An excerpt from the Australian Institute of Health and Welfare (AIHW) submission to the Inquiry into Responses to Historical Forced Adoptions in Victoria – Reporting date due 21st July 2021 :
“𝗧𝗵𝗲 𝗔𝗜𝗛𝗪 𝗶𝘀 𝘂𝗻𝗮𝗯𝗹𝗲 𝘁𝗼 𝗽𝗿𝗼𝘃𝗶𝗱𝗲 𝗶𝗻𝗳𝗼𝗿𝗺𝗮𝘁𝗶𝗼𝗻 𝗼𝗻 𝗵𝗼𝘄 𝗮𝗱𝗼𝗽𝘁𝗲𝗲𝘀 𝗮𝗻𝗱 𝗮𝗱𝗼𝗽𝘁𝗶𝘃𝗲 𝗳𝗮𝗺𝗶𝗹𝗶𝗲𝘀 𝗳𝗮𝗿𝗲 𝗮𝗳𝘁𝗲𝗿 𝗮𝗻 𝗮𝗱𝗼𝗽𝘁𝗶𝗼𝗻 𝗶𝘀 𝗳𝗶𝗻𝗮𝗹𝗶𝘀𝗲𝗱. 𝗧𝗵𝗶𝘀 𝗶𝘀 𝗯𝗲𝗰𝗮𝘂𝘀𝗲 𝗶𝘁 𝗶𝘀 𝗱𝗶𝗳𝗳𝗶𝗰𝘂𝗹𝘁 𝘁𝗼 𝗶𝗱𝗲𝗻𝘁𝗶𝗳𝘆 𝗮𝗻 𝗮𝗱𝗼𝗽𝘁𝗲𝗲 𝗶𝗻 𝗮𝗱𝗺𝗶𝗻𝗶𝘀𝘁𝗿𝗮𝘁𝗶𝘃𝗲 𝗱𝗮𝘁𝗮, 𝗮𝘀 𝘁𝗵𝗲𝘆 𝗮𝗿𝗲 𝗹𝗲𝗴𝗮𝗹𝗹𝘆 𝗻𝗼𝘁 𝗱𝗶𝗳𝗳𝗲𝗿𝗲𝗻𝘁 𝗳𝗿𝗼𝗺 𝗮 𝗰𝗵𝗶𝗹𝗱 𝘀𝘁𝗶𝗹𝗹 𝗹𝗶𝘃𝗶𝗻𝗴 𝘄𝗶𝘁𝗵 𝘁𝗵𝗲𝗶𝗿 𝗻𝗼𝗻-𝗮𝗱𝗼𝗽𝘁𝗶𝘃𝗲 𝗽𝗮𝗿𝗲𝗻𝘁(𝘀), 𝗮𝗻𝗱 𝘁𝗵𝗲𝗿𝗲 𝗮𝗿𝗲 𝗿𝗮𝗿𝗲𝗹𝘆 𝗿𝗲𝗾𝘂𝗶𝗿𝗲𝗺𝗲𝗻𝘁𝘀 𝗳𝗼𝗿 𝗮𝗱𝗼𝗽𝘁𝗲𝗲𝘀 𝘁𝗼 𝗿𝗲𝗽𝗼𝗿𝘁 𝘁𝗵𝗲𝗶𝗿 𝗮𝗱𝗼𝗽𝘁𝗶𝘃𝗲 𝘀𝘁𝗮𝘁𝘂𝘀 𝗮𝘀 𝗽𝗮𝗿𝘁 𝗼𝗳 𝗱𝗲𝗺𝗼𝗴𝗿𝗮𝗽𝗵𝗶𝗰 𝗱𝗮𝘁𝗮 𝗰𝗼𝗹𝗹𝗲𝗰𝘁𝗲𝗱 𝗯𝘆 𝘀𝗲𝗿𝘃𝗶𝗰𝗲𝘀. This makes gathering data on access to supports by adoptees and their adoptive families difficult. For the same reasons, the long-term outcomes of adoption (such as rates of disruption or levels of educational attainment) are difficult to ascertain.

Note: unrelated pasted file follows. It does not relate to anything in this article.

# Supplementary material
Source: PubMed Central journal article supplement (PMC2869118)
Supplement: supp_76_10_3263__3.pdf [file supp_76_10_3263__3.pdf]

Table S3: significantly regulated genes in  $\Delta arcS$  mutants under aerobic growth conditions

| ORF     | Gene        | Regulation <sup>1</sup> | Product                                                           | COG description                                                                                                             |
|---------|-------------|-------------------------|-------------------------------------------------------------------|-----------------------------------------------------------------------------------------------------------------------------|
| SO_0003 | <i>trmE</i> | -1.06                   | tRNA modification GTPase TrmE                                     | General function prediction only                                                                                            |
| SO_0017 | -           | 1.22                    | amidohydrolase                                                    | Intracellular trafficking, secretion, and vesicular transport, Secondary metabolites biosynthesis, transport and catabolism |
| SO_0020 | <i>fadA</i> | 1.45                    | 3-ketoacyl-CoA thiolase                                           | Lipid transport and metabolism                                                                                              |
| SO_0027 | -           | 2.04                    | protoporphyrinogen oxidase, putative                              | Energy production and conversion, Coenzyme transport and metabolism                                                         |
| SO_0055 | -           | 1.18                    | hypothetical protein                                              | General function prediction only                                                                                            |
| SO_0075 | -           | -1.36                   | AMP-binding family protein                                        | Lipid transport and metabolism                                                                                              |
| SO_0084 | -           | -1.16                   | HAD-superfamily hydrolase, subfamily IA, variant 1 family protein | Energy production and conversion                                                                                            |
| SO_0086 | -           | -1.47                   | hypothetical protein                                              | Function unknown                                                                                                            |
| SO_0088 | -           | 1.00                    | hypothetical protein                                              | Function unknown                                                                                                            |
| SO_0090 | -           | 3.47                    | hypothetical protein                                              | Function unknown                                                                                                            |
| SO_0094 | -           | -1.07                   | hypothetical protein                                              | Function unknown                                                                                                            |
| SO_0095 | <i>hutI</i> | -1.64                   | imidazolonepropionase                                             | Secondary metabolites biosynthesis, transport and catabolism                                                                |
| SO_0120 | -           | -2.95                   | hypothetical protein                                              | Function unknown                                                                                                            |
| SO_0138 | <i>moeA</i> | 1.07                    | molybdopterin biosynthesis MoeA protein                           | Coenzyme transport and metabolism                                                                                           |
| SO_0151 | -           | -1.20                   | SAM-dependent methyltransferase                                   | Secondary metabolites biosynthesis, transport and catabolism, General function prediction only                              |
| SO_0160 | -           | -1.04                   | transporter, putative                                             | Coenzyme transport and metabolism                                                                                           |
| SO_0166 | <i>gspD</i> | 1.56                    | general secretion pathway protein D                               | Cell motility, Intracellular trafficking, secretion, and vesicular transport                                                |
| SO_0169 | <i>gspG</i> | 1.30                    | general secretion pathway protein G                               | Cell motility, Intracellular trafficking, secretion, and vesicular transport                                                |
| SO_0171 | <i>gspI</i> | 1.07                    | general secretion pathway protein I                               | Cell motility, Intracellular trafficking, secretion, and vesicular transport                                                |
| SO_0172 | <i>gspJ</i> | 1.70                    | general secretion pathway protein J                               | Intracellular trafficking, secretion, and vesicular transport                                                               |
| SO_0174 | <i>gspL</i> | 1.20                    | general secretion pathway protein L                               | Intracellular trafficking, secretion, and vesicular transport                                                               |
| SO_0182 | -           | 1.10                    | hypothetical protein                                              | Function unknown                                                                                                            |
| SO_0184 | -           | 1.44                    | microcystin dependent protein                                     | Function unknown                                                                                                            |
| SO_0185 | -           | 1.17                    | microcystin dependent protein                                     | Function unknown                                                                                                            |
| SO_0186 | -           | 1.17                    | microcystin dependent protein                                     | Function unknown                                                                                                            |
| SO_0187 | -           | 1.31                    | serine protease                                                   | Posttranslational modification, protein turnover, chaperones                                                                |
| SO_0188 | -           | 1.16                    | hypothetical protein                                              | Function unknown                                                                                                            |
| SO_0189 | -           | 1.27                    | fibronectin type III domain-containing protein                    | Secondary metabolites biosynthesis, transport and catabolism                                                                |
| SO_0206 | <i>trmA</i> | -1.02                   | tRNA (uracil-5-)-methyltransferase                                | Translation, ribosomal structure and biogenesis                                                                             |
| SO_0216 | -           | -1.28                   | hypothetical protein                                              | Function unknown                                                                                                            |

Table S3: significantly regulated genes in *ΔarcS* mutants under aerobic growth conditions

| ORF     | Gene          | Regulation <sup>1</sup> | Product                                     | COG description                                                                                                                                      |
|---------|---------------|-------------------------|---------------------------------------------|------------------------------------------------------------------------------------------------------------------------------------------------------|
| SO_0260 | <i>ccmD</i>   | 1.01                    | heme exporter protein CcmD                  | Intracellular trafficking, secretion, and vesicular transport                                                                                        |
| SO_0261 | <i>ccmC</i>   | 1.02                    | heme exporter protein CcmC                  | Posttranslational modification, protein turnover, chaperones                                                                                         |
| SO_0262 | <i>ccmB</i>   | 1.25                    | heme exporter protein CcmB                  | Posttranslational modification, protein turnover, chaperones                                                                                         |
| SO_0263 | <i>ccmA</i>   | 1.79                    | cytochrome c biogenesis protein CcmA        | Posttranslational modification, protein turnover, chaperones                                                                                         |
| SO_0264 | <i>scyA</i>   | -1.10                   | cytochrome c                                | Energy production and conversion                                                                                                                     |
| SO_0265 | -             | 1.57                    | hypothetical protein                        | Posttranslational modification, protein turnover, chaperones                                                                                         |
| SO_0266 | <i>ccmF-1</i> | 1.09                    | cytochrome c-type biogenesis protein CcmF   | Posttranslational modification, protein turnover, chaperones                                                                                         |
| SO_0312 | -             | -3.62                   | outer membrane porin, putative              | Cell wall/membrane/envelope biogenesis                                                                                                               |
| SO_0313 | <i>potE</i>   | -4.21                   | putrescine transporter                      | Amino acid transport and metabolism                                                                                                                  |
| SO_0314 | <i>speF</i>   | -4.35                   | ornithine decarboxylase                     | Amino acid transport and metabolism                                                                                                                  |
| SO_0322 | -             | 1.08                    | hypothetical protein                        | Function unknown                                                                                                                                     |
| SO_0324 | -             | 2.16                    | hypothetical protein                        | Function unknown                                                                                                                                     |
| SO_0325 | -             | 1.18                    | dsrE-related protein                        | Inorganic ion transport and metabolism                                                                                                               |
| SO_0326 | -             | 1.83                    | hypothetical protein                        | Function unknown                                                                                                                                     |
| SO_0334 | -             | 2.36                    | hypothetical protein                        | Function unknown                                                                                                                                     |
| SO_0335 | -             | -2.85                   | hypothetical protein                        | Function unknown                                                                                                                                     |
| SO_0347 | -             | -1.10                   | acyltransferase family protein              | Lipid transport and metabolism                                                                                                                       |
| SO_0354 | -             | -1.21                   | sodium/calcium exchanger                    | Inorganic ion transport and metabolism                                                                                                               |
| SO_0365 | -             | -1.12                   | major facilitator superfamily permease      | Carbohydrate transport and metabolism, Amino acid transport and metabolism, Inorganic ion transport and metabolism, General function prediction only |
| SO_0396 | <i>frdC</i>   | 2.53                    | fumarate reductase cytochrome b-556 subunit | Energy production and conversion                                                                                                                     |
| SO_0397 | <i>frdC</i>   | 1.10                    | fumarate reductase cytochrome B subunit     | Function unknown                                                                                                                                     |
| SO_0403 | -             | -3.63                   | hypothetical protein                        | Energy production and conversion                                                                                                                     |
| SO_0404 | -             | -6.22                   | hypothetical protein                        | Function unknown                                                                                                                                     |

In November 2018, the House of Representatives Standing Committee on Social Policy and Legal Affairs Inquiry into Local Adoption tabled its report 𝘉𝘳𝘦𝘢𝘬𝘪𝘯𝘨 𝘣𝘢𝘳𝘳𝘪𝘦𝘳𝘴: 𝘢 𝘯𝘢𝘵𝘪𝘰𝘯𝘢𝘭 𝘢𝘥𝘰𝘱𝘵𝘪𝘰𝘯 𝘧𝘳𝘢𝘮𝘦𝘸𝘰𝘳𝘬 𝘧𝘰𝘳 𝘈𝘶𝘴𝘵𝘳𝘢𝘭𝘪𝘢𝘯 𝘤𝘩𝘪𝘭𝘥𝘳𝘦𝘯 – 𝘐𝘯𝘲𝘶𝘪𝘳𝘺 𝘪𝘯𝘵𝘰 𝘭𝘰𝘤𝘢𝘭 𝘢𝘥𝘰𝘱𝘵𝘪𝘰𝘯. In recognising the importance of evidence-based decision making, the Committee made a number of recommendations. Key among these is that the Adoptions Australia national collection should be upgraded from its current aggregate data table supply arrangement to a unit record collection. In its response, the Australian Government gave in-principle support to this recommendation in September 2019. This enhancement would mean that data linkage could be undertaken to explore a range of short-and long-term outcomes of adoption. Such a transition is dependent on the renegotiation of existing relationships of data supply between the AIHW and relevant Commonwealth, state and territory agencies, and on the capacity of all parties to develop the necessary supporting infrastructure for data collection, provision and reporting.”
Australian Institute of Health & Welfare, Submission 20